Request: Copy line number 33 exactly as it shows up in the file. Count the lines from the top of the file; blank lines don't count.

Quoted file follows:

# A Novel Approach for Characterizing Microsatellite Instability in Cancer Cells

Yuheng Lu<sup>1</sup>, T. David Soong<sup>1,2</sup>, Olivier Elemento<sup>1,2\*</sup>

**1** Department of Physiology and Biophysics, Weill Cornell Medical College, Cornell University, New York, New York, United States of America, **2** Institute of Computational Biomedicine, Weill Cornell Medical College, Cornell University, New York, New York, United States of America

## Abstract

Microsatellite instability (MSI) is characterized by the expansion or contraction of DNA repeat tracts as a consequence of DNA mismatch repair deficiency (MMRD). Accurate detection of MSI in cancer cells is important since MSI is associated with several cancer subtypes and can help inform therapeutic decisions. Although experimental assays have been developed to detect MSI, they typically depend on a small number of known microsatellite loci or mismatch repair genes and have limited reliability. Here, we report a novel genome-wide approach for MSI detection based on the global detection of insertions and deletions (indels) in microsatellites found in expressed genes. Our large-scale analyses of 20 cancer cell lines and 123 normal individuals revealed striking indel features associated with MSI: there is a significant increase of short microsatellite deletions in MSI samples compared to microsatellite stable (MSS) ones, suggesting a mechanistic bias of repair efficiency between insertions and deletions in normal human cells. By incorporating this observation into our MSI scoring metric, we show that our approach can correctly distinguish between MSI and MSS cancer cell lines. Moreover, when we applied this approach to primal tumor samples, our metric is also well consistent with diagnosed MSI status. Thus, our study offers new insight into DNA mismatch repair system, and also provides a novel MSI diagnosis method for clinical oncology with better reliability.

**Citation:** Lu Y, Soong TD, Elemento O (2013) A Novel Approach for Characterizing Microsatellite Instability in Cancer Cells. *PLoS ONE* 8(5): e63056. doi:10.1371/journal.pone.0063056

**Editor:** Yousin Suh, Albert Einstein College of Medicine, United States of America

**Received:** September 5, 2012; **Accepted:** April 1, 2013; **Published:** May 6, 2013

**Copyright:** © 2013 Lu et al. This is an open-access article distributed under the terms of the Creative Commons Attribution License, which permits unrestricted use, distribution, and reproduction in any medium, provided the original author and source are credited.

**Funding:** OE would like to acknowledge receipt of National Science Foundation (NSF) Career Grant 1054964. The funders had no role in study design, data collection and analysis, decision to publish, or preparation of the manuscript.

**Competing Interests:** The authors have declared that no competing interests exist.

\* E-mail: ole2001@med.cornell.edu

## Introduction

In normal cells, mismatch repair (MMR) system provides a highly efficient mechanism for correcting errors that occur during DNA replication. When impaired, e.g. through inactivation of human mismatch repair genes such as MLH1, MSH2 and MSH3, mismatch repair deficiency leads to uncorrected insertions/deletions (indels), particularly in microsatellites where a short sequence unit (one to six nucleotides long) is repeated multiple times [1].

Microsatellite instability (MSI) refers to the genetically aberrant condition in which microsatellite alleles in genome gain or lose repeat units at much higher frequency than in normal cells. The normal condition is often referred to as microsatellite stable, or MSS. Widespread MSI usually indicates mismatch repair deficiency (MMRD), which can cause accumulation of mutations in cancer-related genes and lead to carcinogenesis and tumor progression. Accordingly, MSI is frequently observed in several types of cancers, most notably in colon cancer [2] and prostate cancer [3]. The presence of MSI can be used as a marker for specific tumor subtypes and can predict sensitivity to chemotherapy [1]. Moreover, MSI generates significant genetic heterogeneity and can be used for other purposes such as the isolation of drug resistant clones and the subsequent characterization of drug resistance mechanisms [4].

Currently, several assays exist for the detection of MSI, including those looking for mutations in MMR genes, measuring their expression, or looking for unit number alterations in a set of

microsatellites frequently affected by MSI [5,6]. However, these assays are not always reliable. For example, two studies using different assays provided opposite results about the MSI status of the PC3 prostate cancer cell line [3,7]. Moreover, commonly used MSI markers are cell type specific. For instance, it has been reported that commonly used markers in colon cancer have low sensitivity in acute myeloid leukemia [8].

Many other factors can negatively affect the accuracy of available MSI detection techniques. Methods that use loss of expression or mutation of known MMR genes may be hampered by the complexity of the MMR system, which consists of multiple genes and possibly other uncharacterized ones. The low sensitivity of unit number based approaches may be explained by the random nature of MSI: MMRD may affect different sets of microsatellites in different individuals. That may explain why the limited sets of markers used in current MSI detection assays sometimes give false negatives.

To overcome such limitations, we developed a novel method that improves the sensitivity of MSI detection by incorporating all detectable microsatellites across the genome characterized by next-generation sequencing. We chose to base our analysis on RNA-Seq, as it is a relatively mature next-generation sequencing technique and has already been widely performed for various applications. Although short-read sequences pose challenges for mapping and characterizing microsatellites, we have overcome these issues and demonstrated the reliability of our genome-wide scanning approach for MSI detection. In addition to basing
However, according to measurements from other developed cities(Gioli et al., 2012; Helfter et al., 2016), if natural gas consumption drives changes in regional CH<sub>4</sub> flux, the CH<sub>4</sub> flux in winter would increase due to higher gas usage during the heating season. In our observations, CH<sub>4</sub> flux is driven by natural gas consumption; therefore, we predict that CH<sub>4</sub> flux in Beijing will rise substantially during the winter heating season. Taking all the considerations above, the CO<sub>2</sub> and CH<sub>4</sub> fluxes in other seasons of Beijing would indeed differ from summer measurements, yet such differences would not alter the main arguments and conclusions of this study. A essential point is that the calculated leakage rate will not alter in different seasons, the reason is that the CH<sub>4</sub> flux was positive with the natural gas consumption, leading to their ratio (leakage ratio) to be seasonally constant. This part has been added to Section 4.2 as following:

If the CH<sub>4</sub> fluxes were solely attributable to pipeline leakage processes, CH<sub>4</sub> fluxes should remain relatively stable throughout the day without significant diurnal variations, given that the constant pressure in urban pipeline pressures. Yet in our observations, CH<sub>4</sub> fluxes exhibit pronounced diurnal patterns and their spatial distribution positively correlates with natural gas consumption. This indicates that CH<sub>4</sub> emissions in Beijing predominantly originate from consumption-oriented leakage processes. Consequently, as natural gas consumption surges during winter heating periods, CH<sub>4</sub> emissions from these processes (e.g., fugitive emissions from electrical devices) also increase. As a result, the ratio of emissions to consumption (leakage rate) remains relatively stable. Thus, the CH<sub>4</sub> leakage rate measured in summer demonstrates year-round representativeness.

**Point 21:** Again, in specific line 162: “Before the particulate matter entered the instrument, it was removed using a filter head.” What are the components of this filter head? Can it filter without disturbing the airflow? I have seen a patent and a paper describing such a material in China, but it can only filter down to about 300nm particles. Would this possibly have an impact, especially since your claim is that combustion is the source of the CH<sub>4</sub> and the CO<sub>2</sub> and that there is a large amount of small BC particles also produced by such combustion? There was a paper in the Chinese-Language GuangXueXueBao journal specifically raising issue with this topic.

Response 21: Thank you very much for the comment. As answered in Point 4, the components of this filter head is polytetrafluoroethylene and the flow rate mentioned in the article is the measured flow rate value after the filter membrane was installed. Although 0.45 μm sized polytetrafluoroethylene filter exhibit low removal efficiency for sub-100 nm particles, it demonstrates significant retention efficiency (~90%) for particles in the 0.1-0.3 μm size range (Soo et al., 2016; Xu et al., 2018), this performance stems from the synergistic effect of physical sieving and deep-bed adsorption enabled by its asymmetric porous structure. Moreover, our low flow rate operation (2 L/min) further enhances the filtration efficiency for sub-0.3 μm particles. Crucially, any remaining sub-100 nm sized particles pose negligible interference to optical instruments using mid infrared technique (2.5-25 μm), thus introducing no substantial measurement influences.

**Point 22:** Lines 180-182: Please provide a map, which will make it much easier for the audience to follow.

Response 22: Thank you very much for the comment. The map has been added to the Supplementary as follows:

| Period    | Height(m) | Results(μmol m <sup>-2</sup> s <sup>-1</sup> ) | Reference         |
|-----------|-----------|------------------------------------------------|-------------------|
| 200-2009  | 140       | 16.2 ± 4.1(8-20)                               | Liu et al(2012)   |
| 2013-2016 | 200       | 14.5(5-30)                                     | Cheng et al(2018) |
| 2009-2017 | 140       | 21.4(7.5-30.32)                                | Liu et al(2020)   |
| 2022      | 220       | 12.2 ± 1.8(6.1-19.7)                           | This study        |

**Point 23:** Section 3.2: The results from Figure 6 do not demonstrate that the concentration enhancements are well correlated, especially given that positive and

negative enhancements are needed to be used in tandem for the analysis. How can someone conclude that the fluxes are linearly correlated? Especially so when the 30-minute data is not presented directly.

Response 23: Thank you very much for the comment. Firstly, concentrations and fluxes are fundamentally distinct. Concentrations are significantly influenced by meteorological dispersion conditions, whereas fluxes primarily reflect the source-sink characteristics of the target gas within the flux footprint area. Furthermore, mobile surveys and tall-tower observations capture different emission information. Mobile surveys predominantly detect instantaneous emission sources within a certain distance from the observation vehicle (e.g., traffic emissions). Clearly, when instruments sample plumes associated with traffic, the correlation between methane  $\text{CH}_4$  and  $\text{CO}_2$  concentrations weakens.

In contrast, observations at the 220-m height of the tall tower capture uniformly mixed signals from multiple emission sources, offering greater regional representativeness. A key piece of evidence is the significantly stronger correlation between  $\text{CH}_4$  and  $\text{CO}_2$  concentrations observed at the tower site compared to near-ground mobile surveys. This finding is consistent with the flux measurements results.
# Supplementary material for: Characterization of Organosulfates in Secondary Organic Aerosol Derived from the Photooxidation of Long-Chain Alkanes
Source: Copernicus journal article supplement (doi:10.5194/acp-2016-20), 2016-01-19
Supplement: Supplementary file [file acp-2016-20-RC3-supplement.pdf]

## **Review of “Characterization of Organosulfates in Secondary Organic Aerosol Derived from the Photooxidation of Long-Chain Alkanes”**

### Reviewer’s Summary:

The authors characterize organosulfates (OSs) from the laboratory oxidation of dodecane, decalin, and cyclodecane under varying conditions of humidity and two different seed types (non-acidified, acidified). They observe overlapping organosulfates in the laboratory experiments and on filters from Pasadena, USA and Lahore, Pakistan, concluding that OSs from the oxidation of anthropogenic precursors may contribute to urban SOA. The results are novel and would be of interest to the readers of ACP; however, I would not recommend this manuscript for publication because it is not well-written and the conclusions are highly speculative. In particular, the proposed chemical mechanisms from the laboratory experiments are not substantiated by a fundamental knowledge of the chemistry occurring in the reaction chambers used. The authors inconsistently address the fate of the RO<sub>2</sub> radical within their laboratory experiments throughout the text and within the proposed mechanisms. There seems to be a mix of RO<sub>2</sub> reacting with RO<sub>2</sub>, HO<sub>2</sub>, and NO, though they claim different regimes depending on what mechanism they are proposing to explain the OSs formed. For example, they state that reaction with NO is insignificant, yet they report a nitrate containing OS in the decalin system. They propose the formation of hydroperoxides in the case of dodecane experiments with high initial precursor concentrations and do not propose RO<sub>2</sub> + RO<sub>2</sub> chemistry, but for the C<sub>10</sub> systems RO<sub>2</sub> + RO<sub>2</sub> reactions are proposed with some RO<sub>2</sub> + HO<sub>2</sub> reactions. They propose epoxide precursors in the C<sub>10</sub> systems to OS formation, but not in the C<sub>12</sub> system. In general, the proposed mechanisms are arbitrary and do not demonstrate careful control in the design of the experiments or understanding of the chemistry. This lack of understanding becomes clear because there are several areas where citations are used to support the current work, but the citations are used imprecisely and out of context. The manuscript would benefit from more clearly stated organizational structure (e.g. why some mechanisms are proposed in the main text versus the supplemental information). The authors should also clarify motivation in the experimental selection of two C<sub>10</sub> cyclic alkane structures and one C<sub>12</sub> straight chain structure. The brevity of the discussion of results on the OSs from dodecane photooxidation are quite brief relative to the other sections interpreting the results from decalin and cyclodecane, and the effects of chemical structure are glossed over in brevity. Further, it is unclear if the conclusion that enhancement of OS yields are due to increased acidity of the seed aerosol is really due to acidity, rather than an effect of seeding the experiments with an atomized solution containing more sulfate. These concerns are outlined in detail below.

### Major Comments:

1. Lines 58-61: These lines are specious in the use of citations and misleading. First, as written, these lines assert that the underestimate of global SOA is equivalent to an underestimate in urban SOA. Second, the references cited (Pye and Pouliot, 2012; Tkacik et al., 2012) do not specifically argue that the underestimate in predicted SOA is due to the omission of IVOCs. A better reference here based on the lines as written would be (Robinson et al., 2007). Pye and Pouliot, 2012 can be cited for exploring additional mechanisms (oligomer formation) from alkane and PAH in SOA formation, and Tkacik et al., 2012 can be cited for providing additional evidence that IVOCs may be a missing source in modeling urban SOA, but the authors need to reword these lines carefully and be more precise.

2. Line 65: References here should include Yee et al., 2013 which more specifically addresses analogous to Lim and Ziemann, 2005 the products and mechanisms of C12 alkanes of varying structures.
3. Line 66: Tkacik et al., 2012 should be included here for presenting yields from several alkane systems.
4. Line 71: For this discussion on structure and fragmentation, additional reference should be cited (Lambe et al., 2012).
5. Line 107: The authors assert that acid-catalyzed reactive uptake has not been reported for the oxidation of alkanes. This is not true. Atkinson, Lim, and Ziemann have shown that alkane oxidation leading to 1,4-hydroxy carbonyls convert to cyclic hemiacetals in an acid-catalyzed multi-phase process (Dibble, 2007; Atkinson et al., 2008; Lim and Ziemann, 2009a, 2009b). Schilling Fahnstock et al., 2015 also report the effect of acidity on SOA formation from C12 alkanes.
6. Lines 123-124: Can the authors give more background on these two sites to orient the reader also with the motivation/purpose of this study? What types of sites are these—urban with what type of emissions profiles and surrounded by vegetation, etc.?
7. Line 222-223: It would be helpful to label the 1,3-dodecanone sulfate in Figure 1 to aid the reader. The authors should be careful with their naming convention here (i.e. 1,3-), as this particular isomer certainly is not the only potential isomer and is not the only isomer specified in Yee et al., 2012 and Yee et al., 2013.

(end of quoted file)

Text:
negative enhancements are needed to be used in tandem for the analysis. How can someone conclude that the fluxes are linearly correlated? Especially so when the 30-minute data is not presented directly.